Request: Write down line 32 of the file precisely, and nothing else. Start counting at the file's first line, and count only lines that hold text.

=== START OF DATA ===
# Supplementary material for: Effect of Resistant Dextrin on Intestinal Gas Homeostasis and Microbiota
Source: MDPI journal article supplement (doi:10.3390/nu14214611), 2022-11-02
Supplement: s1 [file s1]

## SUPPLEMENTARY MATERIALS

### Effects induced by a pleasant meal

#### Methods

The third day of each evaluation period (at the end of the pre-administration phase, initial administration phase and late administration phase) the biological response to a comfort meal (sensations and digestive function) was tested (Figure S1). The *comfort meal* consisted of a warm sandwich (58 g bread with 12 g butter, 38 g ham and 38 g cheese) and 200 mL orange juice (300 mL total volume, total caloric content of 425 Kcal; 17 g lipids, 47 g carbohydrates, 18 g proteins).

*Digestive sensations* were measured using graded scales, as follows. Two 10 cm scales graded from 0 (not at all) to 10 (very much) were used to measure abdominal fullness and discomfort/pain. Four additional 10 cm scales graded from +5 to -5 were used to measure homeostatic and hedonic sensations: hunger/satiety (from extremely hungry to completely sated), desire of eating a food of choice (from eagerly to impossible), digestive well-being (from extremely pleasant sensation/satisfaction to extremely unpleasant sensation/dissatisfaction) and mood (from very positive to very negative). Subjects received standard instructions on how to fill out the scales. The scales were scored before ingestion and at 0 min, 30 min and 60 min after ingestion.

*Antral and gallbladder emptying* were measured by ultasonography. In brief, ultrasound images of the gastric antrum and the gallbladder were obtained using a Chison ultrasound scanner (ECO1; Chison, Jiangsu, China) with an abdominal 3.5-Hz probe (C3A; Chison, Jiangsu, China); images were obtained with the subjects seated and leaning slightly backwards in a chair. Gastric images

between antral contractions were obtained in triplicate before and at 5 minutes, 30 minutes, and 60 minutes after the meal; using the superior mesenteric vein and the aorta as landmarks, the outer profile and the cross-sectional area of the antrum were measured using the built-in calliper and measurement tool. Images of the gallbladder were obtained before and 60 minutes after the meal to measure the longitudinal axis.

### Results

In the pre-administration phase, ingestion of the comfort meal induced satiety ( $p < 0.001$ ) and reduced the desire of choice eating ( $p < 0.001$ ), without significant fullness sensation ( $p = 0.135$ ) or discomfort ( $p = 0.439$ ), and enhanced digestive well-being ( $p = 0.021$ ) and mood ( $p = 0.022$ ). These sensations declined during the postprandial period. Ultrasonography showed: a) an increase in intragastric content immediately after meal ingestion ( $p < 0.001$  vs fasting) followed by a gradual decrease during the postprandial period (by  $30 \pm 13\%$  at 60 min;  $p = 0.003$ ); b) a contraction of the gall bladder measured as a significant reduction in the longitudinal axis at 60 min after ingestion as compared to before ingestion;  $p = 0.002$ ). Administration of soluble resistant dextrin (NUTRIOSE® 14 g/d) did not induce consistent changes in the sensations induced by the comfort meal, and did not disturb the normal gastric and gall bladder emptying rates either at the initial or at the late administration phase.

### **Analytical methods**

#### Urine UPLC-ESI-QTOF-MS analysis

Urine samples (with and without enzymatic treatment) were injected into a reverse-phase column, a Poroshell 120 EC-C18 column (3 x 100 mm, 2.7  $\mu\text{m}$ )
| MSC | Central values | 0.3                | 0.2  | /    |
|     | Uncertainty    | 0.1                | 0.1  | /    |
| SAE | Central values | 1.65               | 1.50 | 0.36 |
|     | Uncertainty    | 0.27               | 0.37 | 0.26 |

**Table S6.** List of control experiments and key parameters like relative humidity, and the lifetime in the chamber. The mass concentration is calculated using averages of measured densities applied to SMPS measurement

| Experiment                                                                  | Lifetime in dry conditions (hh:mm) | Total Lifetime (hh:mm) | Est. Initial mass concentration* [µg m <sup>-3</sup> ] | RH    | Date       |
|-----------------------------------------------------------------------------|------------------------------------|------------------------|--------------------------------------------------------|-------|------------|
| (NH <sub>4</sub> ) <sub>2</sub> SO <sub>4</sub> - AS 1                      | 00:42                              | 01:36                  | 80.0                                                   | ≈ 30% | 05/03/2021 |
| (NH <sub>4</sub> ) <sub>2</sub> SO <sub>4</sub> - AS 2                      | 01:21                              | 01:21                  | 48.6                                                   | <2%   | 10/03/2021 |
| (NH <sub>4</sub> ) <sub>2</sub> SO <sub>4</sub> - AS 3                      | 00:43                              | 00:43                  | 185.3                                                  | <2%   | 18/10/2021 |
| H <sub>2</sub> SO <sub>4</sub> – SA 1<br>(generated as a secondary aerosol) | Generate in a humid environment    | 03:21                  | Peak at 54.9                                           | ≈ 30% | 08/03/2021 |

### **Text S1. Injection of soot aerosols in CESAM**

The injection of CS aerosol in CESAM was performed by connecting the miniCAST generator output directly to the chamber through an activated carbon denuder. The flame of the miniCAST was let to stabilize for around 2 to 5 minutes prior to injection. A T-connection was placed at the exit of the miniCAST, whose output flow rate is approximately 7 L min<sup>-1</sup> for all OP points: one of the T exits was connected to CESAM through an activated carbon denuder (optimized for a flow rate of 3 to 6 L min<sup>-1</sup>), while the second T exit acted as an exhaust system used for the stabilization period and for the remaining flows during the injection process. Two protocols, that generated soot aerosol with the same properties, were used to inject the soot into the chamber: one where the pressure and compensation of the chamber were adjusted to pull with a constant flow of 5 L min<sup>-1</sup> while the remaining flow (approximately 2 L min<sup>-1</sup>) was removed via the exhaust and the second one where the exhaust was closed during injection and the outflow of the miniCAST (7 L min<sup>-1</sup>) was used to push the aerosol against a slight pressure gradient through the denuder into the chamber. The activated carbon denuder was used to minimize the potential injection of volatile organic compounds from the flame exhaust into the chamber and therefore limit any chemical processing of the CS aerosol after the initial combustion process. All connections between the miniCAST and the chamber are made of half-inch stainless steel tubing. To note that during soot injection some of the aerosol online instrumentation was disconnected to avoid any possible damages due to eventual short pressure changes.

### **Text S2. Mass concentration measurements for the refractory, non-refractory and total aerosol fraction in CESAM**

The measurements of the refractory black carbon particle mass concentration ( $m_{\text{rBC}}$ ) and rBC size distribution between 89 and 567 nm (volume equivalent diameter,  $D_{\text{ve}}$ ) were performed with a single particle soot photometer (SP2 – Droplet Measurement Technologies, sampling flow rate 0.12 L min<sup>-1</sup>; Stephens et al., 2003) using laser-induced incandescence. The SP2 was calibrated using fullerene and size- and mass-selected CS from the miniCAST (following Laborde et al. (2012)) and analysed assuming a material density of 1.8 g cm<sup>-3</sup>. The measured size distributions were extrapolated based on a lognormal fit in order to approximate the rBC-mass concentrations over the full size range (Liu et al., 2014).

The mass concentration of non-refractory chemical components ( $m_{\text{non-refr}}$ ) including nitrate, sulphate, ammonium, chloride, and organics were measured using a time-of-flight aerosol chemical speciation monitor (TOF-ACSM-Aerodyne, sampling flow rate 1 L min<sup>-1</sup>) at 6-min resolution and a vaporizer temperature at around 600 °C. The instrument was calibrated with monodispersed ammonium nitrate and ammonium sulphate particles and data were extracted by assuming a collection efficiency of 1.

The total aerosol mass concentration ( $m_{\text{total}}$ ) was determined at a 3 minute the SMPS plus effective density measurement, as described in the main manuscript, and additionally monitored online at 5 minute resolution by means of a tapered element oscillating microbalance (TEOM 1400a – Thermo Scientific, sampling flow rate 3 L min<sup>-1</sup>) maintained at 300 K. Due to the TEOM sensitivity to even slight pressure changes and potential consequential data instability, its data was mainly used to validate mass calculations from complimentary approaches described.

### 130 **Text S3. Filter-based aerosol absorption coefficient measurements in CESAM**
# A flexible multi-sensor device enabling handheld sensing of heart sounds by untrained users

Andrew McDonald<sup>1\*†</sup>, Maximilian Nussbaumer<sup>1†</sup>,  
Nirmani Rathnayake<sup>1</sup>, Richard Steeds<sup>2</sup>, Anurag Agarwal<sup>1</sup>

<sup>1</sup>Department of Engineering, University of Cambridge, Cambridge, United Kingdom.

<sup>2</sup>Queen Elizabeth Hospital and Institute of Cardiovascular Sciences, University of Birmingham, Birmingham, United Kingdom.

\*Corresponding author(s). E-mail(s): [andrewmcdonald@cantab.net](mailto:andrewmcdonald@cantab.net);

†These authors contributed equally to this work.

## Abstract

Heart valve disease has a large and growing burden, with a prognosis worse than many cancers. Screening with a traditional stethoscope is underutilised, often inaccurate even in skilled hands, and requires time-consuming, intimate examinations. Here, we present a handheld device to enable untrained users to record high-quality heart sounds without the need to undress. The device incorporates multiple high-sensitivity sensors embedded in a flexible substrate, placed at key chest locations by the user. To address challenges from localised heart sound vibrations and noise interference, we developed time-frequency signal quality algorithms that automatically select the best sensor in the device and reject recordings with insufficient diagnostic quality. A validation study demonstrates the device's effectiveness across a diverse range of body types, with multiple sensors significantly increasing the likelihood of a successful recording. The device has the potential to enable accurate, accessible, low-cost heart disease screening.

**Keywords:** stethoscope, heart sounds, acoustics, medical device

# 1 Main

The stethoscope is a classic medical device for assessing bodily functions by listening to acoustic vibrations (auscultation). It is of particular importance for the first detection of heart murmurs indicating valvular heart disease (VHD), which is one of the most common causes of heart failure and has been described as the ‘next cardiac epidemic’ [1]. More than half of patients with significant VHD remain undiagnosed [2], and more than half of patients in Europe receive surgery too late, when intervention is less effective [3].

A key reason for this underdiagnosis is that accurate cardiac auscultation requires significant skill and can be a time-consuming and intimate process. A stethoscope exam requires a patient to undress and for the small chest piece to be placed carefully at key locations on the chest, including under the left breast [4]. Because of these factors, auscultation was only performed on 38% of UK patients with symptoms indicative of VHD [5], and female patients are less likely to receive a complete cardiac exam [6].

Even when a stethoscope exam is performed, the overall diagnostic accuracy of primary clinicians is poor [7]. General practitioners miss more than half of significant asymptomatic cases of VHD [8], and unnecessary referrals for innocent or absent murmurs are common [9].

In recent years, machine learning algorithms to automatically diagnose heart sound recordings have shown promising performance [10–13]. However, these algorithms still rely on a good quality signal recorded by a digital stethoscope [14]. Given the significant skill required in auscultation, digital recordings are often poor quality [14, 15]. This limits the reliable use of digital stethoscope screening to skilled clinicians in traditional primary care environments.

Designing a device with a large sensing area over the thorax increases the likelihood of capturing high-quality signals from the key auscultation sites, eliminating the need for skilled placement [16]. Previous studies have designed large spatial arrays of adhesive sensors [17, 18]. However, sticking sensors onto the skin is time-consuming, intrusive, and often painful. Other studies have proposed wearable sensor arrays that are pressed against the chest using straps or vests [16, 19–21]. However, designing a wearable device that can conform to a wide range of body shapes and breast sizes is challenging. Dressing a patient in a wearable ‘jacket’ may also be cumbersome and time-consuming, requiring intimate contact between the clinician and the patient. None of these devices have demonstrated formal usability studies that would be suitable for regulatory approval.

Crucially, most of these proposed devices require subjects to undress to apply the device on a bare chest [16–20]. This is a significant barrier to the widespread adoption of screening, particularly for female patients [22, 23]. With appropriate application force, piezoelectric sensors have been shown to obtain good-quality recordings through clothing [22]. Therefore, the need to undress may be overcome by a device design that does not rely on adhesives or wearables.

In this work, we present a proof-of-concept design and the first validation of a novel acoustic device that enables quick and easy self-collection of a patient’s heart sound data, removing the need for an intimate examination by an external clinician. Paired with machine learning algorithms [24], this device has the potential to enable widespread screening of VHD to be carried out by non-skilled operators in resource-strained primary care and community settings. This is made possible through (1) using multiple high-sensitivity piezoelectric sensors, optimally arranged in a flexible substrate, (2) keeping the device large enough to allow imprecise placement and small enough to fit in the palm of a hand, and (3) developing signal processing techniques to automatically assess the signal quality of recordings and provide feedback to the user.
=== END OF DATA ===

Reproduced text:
The total aerosol mass concentration ( $m_{\text{total}}$ ) was determined at a 3 minute the SMPS plus effective density measurement, as described in the main manuscript, and additionally monitored online at 5 minute resolution by means of a tapered element oscillating microbalance (TEOM 1400a – Thermo Scientific, sampling flow rate 3 L min<sup>-1</sup>) maintained at 300 K. Due to the TEOM sensitivity to even slight pressure changes and potential consequential data instability, its data was mainly used to validate mass calculations from complimentary approaches described.